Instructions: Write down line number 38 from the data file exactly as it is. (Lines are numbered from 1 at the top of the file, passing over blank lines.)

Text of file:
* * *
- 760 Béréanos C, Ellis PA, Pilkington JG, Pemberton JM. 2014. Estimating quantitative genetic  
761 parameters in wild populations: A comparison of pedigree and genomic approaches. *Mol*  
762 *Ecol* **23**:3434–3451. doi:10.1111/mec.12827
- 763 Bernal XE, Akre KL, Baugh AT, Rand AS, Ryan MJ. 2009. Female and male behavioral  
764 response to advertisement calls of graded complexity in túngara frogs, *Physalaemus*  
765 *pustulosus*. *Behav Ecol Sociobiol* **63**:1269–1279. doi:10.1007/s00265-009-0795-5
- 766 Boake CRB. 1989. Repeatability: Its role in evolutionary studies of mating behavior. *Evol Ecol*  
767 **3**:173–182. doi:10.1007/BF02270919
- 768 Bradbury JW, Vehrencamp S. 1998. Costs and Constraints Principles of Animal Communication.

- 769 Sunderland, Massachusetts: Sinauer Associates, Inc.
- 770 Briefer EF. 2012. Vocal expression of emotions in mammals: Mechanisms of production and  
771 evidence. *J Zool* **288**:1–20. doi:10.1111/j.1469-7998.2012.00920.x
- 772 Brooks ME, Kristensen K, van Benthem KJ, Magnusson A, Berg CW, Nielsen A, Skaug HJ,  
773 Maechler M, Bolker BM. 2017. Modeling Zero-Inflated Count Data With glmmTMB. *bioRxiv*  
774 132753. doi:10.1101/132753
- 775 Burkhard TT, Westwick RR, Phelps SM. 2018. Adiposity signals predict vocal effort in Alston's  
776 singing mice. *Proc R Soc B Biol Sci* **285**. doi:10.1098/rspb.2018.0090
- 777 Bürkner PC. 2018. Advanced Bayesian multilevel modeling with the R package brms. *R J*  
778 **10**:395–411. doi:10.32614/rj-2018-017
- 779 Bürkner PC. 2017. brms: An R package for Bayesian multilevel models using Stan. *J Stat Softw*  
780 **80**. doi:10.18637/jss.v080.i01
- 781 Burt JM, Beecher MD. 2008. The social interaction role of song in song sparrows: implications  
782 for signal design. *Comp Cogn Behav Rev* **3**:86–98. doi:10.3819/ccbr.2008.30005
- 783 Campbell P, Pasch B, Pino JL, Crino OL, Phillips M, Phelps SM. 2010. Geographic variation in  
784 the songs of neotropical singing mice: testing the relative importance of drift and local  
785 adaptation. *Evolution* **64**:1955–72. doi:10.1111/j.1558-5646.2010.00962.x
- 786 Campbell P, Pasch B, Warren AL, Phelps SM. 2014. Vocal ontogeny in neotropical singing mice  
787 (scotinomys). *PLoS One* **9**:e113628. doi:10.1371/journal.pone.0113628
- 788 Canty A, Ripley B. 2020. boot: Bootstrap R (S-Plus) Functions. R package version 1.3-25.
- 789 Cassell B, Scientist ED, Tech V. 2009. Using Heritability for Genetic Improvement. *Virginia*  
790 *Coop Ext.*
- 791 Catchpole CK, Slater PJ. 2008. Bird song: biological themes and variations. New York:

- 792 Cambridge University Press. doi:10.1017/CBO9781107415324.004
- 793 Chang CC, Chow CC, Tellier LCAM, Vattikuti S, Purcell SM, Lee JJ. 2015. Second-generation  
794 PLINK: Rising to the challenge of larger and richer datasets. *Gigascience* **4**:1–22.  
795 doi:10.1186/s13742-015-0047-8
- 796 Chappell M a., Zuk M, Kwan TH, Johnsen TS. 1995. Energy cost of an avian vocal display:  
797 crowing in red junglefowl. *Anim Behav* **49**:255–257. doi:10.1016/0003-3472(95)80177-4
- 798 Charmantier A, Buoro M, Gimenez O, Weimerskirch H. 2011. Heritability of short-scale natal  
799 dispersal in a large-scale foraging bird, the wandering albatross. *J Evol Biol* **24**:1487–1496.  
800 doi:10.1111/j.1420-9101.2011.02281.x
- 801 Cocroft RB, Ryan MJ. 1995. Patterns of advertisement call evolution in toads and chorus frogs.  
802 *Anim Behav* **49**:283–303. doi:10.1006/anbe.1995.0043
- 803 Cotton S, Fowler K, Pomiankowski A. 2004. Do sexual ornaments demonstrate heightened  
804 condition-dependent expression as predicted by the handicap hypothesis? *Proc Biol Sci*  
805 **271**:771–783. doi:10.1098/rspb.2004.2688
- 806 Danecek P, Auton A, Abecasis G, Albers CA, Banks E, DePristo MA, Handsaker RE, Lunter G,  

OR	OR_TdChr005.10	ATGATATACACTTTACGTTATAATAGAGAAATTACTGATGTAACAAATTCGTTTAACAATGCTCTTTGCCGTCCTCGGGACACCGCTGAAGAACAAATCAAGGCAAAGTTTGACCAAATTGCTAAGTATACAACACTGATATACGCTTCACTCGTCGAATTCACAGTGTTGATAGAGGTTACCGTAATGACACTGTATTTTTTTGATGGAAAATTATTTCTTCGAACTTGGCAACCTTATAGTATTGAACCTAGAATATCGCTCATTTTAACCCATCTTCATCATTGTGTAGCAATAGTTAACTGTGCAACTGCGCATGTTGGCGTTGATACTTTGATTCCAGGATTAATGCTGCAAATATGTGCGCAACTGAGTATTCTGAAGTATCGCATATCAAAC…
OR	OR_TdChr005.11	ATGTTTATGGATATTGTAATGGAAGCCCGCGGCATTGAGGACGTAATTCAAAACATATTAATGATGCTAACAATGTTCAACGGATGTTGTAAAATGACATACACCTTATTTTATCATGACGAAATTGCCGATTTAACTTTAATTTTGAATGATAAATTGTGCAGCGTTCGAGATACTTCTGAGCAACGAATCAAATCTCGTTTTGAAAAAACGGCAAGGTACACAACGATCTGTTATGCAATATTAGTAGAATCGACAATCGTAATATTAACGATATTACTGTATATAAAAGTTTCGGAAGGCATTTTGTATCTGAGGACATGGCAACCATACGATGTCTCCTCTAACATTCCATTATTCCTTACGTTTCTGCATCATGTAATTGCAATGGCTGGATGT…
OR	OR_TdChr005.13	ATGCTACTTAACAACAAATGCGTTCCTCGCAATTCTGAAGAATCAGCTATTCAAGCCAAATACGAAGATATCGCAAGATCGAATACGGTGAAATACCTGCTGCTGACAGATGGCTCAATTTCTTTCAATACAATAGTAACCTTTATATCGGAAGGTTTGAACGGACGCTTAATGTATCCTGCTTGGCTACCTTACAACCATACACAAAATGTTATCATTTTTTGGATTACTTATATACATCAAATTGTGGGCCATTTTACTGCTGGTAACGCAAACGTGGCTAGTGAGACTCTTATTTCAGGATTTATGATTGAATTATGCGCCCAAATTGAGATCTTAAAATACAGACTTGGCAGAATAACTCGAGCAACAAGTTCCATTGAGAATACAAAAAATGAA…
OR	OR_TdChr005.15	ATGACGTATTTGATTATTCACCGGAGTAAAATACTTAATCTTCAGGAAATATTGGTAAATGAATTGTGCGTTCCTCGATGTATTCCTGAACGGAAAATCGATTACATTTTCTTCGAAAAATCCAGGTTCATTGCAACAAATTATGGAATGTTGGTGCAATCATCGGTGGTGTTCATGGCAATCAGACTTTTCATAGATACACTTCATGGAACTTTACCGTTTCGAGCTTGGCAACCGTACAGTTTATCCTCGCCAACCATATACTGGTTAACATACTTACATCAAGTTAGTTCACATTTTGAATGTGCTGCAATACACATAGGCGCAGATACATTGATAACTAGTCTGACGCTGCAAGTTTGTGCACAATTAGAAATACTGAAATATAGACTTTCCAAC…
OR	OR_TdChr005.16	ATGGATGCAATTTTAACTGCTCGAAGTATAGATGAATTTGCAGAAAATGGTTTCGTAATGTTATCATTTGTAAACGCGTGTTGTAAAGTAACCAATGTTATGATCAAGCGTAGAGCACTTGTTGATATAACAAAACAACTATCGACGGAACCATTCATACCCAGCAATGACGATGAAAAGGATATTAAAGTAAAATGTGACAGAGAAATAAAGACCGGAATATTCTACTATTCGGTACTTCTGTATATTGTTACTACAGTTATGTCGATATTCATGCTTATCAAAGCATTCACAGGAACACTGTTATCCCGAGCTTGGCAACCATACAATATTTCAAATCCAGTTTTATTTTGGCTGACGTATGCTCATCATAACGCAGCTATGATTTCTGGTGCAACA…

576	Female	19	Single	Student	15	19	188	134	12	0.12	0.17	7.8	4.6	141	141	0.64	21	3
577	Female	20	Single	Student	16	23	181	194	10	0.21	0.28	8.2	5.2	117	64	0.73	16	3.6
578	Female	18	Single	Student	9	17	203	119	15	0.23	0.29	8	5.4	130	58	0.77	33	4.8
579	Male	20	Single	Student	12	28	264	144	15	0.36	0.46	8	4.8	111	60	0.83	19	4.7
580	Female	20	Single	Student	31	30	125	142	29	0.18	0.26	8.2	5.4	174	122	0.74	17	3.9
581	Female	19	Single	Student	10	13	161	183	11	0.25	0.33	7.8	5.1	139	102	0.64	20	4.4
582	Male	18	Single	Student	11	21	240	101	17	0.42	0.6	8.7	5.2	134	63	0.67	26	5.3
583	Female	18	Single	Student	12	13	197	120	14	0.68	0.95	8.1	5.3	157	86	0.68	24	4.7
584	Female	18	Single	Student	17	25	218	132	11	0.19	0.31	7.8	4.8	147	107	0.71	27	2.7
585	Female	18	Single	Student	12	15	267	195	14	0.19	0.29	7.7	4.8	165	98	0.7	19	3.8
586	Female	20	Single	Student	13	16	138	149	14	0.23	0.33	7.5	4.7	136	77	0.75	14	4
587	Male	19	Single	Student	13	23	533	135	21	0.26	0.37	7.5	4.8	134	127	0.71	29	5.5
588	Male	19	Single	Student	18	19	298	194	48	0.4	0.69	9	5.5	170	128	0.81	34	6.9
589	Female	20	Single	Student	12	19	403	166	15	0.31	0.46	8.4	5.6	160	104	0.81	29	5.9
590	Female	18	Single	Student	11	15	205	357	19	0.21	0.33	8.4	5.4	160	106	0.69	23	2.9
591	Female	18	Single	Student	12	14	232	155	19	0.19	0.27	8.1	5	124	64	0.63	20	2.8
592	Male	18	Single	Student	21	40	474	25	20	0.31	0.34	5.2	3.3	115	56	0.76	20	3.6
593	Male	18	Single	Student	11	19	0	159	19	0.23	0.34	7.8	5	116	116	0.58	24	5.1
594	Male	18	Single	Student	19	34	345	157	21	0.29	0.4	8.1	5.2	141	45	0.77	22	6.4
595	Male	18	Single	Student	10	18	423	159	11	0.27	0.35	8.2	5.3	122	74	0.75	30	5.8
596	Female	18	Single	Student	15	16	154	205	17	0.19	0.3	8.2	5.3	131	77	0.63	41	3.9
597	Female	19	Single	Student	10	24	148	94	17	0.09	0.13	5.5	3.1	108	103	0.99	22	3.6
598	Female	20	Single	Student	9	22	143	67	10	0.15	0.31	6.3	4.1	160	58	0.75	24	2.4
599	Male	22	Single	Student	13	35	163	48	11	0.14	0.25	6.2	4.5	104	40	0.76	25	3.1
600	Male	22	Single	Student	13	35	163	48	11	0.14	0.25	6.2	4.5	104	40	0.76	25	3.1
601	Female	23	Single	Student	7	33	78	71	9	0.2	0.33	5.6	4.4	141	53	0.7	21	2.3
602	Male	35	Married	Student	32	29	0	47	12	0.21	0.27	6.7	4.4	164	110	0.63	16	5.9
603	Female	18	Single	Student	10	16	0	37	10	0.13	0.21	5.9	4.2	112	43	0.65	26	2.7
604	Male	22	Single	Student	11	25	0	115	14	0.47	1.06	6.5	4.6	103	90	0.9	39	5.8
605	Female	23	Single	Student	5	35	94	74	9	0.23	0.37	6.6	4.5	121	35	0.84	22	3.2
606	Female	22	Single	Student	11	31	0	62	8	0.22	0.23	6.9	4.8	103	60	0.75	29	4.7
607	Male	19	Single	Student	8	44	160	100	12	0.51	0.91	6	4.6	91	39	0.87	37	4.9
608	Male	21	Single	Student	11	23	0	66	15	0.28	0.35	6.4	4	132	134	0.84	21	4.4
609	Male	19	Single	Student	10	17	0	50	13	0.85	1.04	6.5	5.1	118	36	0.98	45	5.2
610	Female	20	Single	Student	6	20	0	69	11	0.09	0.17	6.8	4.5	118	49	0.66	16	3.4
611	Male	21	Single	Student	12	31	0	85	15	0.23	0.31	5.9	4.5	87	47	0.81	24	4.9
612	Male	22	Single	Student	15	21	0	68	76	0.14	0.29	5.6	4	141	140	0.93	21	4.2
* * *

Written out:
797 crowing in red junglefowl. *Anim Behav* **49**:255–257. doi:10.1016/0003-3472(95)80177-4